US equity markets were closed and debt markets closed early because of Hurricane Sandy, while trading in Europe and elsewhere was light. From the FT’s markets round-up: “By early afternoon in New York the FTSE All-World equity index was down 0.3 per cent, while the FTSE Eurofirst 300 index had slipped 0.35 per cent. The Asia-Pacific index had dipped 0.2 per cent. The mood across asset classes was mildly “risk off”, with the dollar index up 0.2 per cent, copper down 1.4 per cent to $3.50 a pound and Bunds attracting buyers, pushing 10-year yields down 6 basis points to 1.48 per cent. Gold see-sawed, shedding $3 to $1,707 an ounce after trading as high as $1,713 an ounce.” (Financial Times) Read more
Again, we hope all of our US readers are staying safe.
Estimating the economic impact of a storm is always imprecise, even after the storm has passed. With that caveat in mind, we’ve come across a few early forecasts and thought we’d pass them along. Read more
It includes an almost 80 per cent haircut on buying foreclosed land assets from banks. (“The transfer price is not a reference for the valuation of nontransferred bank assets.” – OK then) Useful to remember that pricing will be based on “real economic value” – which Ireland’s Nama showed can be an elastic term – but the presentation also says further “adjustments” will be made on top of that.
There’s also a “conservative” target of 14 to 15 per cent return on equity over 15 years for working out loans… while Sareb will spend €45bn on a first wave of loans transferred from Bankia and other particularly weak banks.
Heavily processed foods are generally unhealthy. Those looking after their waistline may wish to read ingredients lists and follow food journalist Michael Pollan’s advice: “Don’t eat anything that your great-great grandmother would not recognize as food.”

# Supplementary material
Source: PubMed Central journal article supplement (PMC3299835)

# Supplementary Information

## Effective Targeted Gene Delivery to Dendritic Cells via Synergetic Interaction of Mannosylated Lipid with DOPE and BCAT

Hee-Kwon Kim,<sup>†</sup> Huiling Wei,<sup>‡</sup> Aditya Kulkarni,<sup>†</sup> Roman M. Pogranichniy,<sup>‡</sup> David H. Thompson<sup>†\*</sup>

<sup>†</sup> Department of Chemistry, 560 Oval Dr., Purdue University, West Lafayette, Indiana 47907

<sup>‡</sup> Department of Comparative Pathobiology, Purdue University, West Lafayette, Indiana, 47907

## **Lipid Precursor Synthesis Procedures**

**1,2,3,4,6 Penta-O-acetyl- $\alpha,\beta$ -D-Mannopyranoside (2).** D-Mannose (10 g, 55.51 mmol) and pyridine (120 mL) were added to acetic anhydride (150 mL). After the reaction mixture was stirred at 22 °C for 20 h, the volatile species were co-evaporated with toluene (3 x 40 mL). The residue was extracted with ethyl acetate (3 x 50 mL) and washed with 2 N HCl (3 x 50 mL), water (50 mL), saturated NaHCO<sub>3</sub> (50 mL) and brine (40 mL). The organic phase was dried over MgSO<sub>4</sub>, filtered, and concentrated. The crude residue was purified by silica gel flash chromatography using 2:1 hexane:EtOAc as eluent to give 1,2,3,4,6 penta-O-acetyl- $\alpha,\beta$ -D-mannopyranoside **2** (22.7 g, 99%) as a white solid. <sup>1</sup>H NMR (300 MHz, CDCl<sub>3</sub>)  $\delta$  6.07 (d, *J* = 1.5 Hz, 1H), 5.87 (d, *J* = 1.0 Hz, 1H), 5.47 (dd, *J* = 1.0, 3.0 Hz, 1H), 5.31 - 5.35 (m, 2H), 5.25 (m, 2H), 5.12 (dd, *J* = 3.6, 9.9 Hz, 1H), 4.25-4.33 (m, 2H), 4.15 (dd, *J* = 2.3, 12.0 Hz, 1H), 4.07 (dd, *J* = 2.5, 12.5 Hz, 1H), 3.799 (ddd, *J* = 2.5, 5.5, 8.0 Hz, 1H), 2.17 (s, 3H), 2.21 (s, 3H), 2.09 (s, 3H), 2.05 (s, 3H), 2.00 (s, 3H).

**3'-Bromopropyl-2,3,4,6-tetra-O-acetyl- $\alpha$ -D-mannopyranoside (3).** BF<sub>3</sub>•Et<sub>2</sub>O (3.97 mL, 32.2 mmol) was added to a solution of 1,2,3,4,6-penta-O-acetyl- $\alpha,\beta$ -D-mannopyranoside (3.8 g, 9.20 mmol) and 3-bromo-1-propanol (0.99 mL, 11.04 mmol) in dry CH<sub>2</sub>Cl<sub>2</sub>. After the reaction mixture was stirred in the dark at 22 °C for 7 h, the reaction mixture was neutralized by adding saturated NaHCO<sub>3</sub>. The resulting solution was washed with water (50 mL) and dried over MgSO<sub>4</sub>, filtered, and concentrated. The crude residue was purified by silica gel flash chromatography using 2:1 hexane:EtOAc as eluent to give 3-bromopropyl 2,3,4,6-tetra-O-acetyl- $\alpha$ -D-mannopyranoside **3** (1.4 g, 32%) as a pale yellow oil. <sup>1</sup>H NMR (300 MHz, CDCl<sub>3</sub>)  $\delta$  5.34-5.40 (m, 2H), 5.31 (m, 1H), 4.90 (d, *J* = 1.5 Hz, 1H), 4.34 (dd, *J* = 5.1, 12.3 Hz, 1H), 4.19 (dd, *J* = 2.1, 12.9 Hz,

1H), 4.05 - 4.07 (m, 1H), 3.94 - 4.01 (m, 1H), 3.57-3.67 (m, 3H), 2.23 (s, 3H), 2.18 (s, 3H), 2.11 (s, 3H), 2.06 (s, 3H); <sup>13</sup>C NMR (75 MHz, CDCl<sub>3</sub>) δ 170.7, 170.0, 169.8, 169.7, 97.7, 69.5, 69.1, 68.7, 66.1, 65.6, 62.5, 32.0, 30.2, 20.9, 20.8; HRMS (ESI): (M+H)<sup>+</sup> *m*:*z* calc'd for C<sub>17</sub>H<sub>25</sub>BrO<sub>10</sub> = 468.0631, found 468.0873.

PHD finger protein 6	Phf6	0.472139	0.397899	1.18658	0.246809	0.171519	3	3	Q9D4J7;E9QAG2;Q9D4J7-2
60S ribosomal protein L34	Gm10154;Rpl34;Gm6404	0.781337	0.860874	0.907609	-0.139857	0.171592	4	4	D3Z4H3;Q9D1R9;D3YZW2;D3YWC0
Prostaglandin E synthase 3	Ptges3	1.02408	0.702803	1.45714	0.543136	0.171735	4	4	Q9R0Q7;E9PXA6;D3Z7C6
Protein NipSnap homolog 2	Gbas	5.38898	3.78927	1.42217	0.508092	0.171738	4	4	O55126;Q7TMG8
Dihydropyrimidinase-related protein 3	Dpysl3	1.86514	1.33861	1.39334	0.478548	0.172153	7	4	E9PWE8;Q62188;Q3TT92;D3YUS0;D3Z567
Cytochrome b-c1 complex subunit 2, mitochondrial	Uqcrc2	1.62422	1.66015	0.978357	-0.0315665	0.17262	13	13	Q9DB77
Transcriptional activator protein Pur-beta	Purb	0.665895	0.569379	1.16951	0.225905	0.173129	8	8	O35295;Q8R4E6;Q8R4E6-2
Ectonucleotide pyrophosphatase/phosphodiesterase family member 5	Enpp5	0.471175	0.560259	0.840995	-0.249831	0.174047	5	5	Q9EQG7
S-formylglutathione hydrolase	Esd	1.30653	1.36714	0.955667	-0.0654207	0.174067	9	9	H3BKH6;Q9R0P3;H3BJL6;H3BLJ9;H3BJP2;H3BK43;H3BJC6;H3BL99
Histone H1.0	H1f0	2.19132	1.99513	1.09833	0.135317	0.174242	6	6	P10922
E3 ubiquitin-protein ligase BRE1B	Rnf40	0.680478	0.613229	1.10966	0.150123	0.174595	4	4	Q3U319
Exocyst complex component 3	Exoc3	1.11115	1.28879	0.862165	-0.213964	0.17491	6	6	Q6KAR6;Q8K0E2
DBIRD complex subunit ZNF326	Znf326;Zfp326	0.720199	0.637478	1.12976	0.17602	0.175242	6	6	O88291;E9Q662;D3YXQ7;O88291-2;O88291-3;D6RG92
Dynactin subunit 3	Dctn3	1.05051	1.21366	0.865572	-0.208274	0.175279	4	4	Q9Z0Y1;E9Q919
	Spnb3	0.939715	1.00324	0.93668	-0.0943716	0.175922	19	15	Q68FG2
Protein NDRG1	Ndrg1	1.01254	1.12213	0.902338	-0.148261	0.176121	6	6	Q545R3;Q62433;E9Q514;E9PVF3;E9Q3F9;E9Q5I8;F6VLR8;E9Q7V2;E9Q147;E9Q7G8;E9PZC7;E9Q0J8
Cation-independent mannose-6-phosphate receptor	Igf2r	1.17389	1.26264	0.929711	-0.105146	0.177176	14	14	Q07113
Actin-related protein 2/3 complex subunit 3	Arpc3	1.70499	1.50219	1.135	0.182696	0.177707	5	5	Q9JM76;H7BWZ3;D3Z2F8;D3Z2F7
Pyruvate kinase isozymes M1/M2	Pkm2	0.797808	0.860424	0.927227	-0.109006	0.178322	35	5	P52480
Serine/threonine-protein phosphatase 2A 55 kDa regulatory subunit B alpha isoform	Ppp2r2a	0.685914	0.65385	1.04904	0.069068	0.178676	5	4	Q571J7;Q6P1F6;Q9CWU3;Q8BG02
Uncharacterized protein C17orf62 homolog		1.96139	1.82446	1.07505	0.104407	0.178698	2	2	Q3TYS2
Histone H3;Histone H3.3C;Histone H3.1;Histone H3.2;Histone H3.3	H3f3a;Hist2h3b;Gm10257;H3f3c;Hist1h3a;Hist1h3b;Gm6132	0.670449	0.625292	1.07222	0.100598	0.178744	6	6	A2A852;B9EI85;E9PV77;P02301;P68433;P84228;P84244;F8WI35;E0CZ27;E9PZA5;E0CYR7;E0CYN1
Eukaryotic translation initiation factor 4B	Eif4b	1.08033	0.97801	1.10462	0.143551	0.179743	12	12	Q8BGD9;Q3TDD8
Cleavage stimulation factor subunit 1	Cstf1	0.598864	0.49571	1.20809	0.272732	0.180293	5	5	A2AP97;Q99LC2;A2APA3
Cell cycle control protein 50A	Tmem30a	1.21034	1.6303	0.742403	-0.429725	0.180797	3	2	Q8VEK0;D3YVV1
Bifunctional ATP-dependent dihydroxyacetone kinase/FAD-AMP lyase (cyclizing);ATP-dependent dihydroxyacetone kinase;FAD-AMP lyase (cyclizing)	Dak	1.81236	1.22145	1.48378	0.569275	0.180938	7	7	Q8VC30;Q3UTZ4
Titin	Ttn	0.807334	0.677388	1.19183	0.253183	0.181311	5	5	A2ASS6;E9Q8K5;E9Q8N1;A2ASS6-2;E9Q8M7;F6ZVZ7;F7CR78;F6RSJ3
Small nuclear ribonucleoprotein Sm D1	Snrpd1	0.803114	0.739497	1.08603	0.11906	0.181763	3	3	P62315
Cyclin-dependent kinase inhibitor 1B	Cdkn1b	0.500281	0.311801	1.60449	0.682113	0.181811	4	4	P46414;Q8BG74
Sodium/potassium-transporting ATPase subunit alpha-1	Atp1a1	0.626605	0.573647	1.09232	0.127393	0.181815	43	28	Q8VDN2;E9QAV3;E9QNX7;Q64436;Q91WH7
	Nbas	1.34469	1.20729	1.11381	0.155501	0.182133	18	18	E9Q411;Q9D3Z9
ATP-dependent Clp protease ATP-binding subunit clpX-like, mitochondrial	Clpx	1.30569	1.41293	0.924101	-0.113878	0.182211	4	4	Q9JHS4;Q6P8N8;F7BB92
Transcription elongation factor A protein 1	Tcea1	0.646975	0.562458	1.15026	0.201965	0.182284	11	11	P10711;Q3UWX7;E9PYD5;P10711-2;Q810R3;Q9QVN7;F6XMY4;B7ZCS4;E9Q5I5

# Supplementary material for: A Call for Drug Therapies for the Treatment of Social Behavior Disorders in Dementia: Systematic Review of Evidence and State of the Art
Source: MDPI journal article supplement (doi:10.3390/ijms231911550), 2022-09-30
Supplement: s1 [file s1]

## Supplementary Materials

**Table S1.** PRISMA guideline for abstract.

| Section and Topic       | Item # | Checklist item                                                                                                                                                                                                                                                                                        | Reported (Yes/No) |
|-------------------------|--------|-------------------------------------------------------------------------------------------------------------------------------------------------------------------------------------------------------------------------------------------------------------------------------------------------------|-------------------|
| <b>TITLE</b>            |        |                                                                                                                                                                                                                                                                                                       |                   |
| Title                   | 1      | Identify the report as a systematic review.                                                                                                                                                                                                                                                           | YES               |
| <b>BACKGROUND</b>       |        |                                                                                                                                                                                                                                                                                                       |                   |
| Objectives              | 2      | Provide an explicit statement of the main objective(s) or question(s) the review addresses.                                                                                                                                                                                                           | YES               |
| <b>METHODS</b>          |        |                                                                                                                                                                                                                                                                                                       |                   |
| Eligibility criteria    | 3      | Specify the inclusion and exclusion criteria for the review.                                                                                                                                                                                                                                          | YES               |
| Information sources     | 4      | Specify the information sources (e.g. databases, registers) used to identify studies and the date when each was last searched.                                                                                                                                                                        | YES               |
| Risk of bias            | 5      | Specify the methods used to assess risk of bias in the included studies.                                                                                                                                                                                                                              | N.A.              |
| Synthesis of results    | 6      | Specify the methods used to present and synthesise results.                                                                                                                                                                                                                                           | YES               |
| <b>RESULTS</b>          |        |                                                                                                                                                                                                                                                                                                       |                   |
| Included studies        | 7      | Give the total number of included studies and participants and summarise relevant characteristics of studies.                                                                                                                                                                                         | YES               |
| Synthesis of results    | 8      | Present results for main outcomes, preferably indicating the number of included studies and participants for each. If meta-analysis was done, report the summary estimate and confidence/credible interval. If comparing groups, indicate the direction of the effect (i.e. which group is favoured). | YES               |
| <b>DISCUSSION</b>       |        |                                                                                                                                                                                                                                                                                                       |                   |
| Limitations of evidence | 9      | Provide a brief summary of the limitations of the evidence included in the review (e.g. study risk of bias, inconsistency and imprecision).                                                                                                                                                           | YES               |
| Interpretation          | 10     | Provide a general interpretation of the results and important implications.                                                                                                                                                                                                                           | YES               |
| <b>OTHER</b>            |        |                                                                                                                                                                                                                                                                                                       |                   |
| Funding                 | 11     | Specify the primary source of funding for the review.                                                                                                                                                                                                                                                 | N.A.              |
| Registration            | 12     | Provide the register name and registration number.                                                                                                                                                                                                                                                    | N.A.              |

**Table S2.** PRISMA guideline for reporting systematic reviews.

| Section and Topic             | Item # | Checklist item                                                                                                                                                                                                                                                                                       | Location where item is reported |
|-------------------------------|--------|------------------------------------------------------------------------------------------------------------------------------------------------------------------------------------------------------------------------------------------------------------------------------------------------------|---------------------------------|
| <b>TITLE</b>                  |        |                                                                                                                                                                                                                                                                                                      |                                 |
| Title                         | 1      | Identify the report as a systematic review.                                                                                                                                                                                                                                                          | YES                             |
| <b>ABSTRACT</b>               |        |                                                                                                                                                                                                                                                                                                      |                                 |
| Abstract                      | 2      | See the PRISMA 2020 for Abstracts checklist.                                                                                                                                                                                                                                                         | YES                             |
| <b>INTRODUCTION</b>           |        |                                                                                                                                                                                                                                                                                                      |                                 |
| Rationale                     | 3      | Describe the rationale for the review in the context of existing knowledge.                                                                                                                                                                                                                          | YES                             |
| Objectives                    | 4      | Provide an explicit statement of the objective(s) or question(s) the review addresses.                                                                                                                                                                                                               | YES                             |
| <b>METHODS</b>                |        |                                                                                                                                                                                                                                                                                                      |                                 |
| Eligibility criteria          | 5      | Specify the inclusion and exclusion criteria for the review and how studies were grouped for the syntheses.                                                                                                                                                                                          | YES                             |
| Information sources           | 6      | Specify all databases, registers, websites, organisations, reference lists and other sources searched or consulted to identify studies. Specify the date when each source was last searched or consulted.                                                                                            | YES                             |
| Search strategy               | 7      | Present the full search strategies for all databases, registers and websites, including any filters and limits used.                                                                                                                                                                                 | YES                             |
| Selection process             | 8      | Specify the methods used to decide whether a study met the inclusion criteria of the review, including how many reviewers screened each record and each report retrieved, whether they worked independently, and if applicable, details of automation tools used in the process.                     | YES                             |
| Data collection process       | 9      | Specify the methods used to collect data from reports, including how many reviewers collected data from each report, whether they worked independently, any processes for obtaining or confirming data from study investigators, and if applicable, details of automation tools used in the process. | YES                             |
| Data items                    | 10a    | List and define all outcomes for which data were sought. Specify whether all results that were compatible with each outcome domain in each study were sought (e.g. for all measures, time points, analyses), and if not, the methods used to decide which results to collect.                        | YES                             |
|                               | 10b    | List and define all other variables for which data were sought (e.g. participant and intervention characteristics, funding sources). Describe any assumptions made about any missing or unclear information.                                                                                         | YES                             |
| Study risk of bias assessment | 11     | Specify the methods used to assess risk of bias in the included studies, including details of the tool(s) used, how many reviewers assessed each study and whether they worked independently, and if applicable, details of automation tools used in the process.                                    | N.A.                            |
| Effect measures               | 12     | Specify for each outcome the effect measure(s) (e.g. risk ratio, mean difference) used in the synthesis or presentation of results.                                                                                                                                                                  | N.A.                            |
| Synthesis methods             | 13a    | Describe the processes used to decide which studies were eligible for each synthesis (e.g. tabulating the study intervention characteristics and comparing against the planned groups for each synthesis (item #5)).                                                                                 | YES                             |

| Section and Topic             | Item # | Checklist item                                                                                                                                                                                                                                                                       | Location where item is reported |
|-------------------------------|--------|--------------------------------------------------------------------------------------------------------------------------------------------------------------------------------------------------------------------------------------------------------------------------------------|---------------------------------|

Could the same be said of financial accounts? That is: “Don’t trust anything your grandparents wouldn’t recognise as a justifiable line item.” Read more
Lending to UK households picked in September, driven mainly by a sharp rise in unsecured lending, according Bank of England data out on Monday.
Total lending to individuals (excluding student loans) rose by £1.7 billion in September, compared to the previous six-month average increase of £0.6 billion. The twelve-month growth rate was 0.7% (Table A). Read more
Credit Suisse’s answer last week to the (rather odd) idea of the British government “cancelling” (restructuring) the gilts held by its central bank under quantitative easing…
From the bank’s credit analyst William Porter, it’s worth a read:
Any financial problem can be solved at a stroke if double-entry book-keeping can be ignored as a constraint. The problem is, it cannot. So debate in the private-sector financial community about “solutions” to the UK’s financial challenges based on ignoring it worry us. In the UK, Mervyn King has been quick to debunk the fallacies. But if they can exist even for a while in the very simple UK, then the infinitely more complex euro area (which we do not address in detail here) is fertile ground for solutions based on fallacious reasoning…
Here’s a chart from Nomura:
It might look a little underwhelming but that’s US prime money market funds increasing their exposure to eurozone banks for the third month in a row. At the end of September they were 16 per cent more expoosed on a dollar basis compared to the month before, according to Fitch. Read more
Paul and Bryce seem to think they are 16 or something. Found this on the office door: Read more
As Neil picked up on already there is a suggestion that the Reserve Bank of Australia is practising some ‘passive intervention’ to hamstring the Aussie’s strength a touch.